Indirect Communication

Imagine two men sitting beside one another in any kind of solitude of the world. They do not speak with one another, they do not look at one another, not once have they turned to one another. They are not in one another’s confidence, the one knows nothing of the other’s career, early that morning they got to know one another in the course of their travels. In this moment neither is thinking of the other; we do not need to know what their thoughts are. The one is sitting on the common seat obviously after his usual manner, calm, hospitably disposed to everything that may come. His being seems to say it is too little to be ready, one must also be really there. The other, whose attitude does not betray him, is a man who holds himself in reserve, withholds himself. But if we know about him we know that a childhood’s spell is laid on him, that his withholding of himself is something other than an attitude, behind all attitude is entrenched the impenetrable inability to communicate himself.

Martin Buber portrait.jpgAnd now — let us imagine that this is one of the hours which succeed in bursting asunder the seven iron bands about our heart — imperceptibly the spell is lifted. But even now the man does not speak a word, does not stir a finger. Yet he does something. The lifting of the spell has happened to him — no matter from where — without his doing. But this is what he does now: he releases in himself a reserve over which only he himself has power. Unreservedly communication streams from him, and the silence bears it to his neighbour. Indeed it was intended for him, and he receives it unreservedly as he receives all genuine destiny that meets him. He will be able to tell no one, not even himself, what he has experienced. What does he now “know” of the other? No more knowing is needed. For where unreserve has ruled, even wordlessly, between men, the word of dialogue has happened sacramentally. (3-4)

Faith stands in the stream of “happening but once” which is spanned by knowledge. All the emergency structures of analogy and typology are indispensable for the work of the human spirit, but to step on them when the question of the questioner steps up to you, to me, would be running away. Lived life is tested and fulfilled in the stream alone. The true name of concrete reality is the creation which is entrusted to me and to every man. (12-13)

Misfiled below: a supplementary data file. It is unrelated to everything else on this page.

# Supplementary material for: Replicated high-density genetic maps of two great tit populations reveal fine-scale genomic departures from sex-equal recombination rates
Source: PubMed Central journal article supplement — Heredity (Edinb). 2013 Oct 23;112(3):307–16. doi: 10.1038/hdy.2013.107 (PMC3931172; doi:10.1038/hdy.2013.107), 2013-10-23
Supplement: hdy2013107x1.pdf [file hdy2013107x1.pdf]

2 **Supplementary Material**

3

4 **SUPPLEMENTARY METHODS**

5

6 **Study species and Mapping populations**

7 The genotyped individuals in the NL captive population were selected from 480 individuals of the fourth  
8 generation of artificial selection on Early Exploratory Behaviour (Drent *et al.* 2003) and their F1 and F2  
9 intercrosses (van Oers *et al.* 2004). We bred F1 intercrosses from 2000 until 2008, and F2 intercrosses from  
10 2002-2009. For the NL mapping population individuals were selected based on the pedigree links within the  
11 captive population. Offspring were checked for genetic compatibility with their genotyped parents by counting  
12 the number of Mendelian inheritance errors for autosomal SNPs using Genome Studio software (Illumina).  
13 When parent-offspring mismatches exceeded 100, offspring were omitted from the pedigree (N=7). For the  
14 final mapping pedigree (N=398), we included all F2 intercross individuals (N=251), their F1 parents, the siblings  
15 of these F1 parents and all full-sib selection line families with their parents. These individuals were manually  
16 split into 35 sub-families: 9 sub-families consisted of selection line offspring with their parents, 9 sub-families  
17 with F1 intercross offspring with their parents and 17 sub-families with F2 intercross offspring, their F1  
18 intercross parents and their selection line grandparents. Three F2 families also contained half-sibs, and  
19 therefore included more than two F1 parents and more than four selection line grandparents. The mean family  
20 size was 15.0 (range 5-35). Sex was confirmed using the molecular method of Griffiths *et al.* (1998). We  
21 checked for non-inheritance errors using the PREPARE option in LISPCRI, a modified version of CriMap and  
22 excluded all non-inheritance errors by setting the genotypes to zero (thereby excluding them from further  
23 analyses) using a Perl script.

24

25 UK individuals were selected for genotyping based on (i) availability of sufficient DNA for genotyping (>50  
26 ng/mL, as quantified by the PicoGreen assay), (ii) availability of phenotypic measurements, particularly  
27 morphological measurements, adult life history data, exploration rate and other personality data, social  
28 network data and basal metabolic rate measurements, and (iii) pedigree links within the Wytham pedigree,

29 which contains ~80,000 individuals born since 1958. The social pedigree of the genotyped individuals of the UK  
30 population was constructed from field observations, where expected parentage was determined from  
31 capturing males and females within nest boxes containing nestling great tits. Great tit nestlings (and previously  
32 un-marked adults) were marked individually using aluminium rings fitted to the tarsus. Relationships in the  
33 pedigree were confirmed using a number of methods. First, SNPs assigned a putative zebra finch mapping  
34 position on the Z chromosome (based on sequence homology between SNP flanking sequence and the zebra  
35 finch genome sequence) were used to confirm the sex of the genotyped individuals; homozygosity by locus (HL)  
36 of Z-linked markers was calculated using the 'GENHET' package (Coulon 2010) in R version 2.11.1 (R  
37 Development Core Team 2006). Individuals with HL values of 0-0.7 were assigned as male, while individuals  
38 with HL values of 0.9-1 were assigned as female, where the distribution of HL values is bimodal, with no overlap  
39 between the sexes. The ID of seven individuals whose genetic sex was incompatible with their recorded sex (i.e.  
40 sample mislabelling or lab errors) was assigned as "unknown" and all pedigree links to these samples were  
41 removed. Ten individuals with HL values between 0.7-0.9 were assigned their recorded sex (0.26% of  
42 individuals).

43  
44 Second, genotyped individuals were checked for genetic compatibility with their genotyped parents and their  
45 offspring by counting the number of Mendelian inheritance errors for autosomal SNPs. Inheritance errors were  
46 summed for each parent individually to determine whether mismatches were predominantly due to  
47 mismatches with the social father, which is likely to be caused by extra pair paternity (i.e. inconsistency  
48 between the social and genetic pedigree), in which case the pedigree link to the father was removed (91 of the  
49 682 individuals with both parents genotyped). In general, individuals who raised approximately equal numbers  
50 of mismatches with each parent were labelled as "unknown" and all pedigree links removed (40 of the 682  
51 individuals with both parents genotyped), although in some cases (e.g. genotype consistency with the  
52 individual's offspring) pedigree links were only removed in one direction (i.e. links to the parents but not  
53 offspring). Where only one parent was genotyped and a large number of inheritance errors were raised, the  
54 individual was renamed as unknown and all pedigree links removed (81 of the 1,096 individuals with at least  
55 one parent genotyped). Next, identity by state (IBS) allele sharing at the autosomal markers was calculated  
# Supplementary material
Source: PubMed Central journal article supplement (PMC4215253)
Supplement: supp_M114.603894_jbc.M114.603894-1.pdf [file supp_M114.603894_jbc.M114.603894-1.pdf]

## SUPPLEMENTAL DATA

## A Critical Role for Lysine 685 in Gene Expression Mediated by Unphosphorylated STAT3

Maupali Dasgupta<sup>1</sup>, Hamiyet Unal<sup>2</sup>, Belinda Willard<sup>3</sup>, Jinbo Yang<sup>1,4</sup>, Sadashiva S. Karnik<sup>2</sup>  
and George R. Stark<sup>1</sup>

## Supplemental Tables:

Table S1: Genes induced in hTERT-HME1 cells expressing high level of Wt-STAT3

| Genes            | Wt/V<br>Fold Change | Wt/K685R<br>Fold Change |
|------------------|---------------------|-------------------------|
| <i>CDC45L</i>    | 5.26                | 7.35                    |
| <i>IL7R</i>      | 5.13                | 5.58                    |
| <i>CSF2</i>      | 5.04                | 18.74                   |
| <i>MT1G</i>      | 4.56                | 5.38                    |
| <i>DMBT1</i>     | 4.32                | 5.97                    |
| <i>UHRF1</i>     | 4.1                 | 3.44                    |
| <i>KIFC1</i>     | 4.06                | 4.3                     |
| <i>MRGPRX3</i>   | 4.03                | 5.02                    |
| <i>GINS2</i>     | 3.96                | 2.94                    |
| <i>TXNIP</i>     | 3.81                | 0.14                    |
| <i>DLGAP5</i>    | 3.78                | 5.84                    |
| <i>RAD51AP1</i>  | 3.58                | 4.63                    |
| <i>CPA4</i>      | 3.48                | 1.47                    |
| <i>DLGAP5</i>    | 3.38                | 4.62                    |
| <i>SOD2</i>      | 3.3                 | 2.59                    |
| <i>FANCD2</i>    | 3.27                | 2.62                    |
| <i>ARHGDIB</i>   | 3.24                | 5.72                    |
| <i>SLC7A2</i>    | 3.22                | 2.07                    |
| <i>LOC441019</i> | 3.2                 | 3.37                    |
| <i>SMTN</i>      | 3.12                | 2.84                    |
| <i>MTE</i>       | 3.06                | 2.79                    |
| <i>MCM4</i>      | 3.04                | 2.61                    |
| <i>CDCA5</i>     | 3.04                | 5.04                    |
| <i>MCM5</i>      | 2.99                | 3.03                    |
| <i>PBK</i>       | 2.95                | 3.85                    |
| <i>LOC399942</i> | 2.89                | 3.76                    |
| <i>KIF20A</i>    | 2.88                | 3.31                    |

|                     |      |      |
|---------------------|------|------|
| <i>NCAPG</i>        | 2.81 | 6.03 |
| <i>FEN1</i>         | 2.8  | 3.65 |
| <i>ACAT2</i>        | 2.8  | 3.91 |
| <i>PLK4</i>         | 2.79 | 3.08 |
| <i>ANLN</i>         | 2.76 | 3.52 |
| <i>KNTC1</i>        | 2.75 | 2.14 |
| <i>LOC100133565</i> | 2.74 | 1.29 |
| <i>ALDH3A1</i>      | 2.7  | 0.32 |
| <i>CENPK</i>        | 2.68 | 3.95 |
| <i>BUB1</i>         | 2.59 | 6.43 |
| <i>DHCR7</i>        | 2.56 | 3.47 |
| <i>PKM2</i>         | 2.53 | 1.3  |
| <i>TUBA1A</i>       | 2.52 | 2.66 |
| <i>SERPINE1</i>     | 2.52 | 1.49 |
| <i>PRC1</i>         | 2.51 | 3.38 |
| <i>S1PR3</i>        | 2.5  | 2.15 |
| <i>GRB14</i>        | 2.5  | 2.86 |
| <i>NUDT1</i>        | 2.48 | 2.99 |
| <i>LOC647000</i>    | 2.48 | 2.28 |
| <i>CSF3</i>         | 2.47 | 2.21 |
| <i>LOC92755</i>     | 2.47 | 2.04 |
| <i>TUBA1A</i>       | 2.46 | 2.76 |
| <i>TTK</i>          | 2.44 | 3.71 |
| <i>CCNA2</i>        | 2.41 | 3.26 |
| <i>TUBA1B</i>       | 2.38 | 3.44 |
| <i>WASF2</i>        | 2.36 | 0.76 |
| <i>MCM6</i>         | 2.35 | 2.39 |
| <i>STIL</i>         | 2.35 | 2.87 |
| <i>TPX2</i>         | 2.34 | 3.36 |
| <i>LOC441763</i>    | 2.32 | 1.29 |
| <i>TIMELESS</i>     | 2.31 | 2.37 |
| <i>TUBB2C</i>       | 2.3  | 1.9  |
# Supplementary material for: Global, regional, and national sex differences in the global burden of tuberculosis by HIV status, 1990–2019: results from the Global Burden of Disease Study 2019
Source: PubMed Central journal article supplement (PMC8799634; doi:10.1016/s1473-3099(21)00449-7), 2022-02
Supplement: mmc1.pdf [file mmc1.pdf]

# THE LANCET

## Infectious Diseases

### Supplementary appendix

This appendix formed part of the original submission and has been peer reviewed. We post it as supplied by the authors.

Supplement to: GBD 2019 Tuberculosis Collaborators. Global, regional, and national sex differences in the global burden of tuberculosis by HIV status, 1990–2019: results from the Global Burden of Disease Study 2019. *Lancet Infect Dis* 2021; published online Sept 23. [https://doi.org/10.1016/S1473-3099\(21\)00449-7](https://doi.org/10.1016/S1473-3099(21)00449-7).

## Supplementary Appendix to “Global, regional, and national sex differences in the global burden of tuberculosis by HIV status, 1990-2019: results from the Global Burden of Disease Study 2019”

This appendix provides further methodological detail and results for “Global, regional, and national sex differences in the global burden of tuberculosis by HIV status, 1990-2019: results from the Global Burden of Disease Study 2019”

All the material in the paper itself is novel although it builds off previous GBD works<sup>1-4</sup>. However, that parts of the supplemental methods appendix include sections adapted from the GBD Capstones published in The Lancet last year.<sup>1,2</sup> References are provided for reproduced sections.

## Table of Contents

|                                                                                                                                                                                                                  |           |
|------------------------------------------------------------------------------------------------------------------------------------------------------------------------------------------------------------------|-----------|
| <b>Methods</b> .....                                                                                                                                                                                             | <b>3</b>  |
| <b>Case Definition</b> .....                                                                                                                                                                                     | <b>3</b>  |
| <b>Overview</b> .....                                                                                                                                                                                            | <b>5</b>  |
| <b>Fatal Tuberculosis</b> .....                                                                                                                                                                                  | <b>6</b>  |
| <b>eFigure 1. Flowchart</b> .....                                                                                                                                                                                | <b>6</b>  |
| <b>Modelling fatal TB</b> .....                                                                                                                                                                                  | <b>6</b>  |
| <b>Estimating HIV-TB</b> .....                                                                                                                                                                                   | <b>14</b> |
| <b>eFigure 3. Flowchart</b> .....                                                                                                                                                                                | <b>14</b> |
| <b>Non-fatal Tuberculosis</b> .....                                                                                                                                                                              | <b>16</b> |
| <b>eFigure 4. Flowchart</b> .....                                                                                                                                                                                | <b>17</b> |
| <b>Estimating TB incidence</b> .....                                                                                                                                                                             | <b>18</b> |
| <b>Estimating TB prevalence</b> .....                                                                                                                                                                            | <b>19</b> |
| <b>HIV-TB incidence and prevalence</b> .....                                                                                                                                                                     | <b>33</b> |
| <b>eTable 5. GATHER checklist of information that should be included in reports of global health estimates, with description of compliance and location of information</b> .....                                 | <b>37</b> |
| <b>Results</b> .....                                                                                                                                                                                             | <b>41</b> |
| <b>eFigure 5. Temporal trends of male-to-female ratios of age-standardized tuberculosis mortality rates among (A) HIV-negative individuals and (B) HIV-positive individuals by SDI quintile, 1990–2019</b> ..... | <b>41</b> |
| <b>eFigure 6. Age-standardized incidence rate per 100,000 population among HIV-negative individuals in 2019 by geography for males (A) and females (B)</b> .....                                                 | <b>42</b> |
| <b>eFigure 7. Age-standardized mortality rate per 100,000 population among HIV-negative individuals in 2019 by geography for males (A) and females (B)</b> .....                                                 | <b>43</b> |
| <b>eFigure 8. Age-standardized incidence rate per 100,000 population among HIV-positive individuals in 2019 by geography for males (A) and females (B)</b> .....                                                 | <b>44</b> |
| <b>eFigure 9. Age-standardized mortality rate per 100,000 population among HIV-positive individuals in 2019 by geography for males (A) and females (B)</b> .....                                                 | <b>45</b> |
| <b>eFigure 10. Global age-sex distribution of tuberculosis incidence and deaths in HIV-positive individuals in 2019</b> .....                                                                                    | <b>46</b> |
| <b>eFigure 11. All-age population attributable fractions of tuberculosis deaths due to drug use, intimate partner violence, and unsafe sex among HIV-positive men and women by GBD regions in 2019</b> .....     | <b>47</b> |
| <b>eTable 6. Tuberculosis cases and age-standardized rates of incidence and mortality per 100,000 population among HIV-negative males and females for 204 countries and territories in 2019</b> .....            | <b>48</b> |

There is a tale that a man inspired by God once went out from the creaturely realms into the vast waste. There he wandered till he came to the gates of the mystery. He knocked. From within came the cry: ‘’What do you want here?” He said, ‘I have proclaimed your praise in the ears of mortals, but they were deaf to me. So I come to you that you yourself may hear me and reply.” “Turn back,” came the cry from within. “Here is no ear for you. I have sunk my hearing in the deafness of mortals.” (15)

Responsibility which does not respond to a word is a metaphor of morality. Factually, responsibility only exists when the court is there to which I am responsible, and “self- responsibility” has reality only when the “self” to which I am responsible becomes transparent into the absolute. But he who practices real responsibility in the life of dialogue does not need to name the speaker of the word to which he is responding— he knows him in the word’s substance which presses on and in, assuming the cadence of an inwardness, and stirs him in his heart of hearts. A man can ward off with all his strength the belief that “God” is there, and he tastes him in the strict sacrament of dialogue. (17)

The category of the Single One, too, means not the subject or “man”, but concrete singularity; yet not the individual who is detecting his existence, but rather the person who is finding himself. But the finding himself, however primally remote from Stirner’s “utilize thyself”, is not akin either to that “know thyself” which apparently troubled Kierkegaard very much. For it means a becoming, and moreover in a weight of seriousness that only became possible, at least for the West, through Christianity. It is therefore a becoming which (though Kierkegaard says that his category was used by Socrates “for the dissolution of heathendom”) is decisively different from that effected by the Socratic “delivery”.

“No-one is excluded from being a Single One except him who excludes himself by wishing to be ‘crowd’.” Here not only is “Single One” opposed to “crowd”, but also becoming is opposed to a particular mode of being which evades becoming. That may still be in tune with Socratic thought. But what does it mean, to become a Single One? (42)

A man in the crowd is a stick stuck in a bundle moving through the water, abandoned to the current or being pushed by a pole from the bank in this or that direction. Even if it seems to the stick at times that it is moving by its own motion it has in fact none of its own; and the bundle, too, in which it drifts has only an illusion of self-propulsion.

I remind you of Kierkegaard’s warning: “That men are in a crowd either excuses a man of repentance and responsibility or at all events weakens the Single One’s responsibility, because the crowd lets the man have only a fragment of responsibility.” But I must put it differently. In practice, in the moment of action, it is only the semblance of a fragment, but afterwards, when in your waking dream after midnight you are dragged before the throne and attacked by the spurned calling to be a Single One, it is complete responsibility.  (64)


Martin Buber,  Between Man And Man, 1947  Translated By Ronald Gregor Smith  Kegan Paul London 1965 p. 3-4, 15, 64


 

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